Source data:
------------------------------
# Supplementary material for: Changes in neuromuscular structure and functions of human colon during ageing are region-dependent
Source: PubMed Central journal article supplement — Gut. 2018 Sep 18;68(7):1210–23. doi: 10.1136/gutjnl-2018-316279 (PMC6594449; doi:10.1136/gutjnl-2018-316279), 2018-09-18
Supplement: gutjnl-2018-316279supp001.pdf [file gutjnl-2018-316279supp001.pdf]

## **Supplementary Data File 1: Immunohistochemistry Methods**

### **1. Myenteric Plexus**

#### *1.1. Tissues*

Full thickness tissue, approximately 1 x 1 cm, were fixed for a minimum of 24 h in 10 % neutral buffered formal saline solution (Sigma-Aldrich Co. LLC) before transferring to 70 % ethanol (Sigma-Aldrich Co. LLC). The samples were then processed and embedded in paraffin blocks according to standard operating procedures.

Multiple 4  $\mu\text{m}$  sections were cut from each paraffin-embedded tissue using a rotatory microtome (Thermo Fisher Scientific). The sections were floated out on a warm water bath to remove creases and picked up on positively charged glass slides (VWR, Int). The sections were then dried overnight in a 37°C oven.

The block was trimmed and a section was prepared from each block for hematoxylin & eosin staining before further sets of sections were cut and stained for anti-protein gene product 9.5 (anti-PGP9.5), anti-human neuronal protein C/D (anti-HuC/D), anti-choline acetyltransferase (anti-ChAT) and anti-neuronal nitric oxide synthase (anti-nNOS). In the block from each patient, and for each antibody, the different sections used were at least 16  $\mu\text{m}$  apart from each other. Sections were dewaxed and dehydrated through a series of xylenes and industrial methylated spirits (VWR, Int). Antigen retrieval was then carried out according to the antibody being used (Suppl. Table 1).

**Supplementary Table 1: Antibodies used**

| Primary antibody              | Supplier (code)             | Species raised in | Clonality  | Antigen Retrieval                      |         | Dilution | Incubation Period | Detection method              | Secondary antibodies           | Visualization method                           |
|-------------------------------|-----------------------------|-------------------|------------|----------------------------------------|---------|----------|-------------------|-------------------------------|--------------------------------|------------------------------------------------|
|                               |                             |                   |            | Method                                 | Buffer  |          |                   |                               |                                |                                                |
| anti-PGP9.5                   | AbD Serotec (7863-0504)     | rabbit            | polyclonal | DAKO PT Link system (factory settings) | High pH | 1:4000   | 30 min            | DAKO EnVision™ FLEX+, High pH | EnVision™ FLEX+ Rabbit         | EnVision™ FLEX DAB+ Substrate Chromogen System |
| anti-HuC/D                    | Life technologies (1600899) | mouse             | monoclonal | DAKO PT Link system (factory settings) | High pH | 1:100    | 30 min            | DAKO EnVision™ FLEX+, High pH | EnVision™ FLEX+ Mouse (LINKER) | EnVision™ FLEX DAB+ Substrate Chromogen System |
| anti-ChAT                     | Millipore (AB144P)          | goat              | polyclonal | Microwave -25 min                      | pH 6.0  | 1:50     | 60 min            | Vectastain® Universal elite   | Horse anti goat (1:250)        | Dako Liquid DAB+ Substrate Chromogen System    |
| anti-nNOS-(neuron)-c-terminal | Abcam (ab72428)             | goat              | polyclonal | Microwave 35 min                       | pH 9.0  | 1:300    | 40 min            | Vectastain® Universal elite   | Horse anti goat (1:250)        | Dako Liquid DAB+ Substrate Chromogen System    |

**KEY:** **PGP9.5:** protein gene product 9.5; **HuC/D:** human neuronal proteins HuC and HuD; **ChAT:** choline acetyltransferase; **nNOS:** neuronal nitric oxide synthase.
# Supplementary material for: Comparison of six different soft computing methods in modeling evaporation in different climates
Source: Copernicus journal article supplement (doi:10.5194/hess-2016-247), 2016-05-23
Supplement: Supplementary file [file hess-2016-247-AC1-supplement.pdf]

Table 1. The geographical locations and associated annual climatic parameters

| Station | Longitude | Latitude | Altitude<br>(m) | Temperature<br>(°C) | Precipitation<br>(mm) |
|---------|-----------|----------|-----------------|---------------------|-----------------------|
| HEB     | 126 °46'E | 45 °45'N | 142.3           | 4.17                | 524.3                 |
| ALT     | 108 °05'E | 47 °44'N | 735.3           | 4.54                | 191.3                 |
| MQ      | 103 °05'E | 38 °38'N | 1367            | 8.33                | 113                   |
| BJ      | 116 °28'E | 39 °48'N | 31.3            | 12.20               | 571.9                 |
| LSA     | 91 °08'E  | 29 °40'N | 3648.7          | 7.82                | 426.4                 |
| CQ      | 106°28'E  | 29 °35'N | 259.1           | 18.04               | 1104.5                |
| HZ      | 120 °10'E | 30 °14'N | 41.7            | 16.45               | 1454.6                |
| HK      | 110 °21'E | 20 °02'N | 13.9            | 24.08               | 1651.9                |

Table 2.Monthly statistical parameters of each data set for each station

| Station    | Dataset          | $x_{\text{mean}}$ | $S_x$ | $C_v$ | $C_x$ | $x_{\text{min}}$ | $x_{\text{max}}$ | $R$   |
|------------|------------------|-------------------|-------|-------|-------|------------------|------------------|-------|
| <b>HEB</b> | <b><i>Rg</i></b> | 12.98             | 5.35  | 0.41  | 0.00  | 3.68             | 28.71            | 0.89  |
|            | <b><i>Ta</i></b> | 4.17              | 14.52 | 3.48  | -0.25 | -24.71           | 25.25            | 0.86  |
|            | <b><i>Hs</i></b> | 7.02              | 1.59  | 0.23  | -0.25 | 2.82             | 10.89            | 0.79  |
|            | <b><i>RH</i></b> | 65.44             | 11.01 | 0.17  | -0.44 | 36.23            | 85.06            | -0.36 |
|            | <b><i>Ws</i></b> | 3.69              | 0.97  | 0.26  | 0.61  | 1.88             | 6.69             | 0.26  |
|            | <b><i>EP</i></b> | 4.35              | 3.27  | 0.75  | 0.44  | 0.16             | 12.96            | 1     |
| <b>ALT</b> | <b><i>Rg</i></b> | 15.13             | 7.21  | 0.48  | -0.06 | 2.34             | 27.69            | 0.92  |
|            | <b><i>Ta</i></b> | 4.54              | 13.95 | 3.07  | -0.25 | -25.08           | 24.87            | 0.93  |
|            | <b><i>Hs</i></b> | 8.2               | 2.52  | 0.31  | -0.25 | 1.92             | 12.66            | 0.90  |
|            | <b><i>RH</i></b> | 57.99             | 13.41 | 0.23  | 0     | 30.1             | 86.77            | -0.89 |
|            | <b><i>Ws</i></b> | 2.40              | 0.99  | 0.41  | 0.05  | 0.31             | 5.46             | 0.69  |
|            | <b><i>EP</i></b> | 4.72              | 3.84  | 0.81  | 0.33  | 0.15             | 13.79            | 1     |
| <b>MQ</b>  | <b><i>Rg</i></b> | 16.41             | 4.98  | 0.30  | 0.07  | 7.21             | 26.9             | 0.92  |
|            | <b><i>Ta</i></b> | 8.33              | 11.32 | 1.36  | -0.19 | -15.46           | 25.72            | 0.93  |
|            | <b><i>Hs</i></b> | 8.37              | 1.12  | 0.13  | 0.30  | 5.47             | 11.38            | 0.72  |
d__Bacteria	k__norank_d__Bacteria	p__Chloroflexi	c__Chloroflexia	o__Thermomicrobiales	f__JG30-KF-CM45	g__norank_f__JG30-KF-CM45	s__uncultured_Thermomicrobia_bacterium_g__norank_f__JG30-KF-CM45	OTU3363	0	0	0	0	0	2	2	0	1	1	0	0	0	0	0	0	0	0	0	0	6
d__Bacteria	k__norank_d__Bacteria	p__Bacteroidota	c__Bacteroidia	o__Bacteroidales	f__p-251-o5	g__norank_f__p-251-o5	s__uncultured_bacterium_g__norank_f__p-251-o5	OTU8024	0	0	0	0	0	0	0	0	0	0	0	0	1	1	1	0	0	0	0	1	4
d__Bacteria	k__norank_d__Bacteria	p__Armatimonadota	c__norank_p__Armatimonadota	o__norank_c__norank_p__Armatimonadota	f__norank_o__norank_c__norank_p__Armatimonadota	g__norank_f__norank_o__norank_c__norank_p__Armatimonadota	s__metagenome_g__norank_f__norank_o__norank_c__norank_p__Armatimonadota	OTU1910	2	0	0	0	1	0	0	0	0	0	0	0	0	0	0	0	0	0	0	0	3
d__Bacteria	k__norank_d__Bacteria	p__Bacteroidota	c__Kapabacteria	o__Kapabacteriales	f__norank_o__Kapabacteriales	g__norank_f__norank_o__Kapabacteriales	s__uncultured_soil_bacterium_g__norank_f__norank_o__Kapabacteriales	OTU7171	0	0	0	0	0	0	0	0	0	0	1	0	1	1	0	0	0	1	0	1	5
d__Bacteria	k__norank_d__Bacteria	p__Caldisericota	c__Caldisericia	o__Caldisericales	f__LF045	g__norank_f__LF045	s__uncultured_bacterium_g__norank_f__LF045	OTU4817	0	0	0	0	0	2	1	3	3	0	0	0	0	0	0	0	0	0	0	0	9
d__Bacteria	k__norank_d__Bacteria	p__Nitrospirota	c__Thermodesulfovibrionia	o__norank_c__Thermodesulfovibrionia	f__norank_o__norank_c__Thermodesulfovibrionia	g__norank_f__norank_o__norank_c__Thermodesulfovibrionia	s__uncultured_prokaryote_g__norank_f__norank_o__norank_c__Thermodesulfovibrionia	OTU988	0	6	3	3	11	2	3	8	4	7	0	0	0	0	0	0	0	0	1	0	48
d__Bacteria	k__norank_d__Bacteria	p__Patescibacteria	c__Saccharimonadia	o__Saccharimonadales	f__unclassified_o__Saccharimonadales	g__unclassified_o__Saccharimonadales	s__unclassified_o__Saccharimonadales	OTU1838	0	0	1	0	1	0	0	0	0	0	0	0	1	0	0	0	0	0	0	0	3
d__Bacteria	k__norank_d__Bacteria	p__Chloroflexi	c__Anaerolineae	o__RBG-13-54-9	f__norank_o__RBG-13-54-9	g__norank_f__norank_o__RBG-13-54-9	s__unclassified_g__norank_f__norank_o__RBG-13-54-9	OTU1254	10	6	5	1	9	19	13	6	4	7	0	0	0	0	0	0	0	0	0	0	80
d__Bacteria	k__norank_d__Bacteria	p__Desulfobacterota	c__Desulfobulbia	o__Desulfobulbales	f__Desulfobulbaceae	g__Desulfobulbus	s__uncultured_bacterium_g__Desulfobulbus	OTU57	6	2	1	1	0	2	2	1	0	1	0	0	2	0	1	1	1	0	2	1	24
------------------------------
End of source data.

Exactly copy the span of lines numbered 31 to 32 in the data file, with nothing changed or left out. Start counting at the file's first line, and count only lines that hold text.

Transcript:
| HZ      | 120 °10'E | 30 °14'N | 41.7            | 16.45               | 1454.6                |
| HK      | 110 °21'E | 20 °02'N | 13.9            | 24.08               | 1651.9                |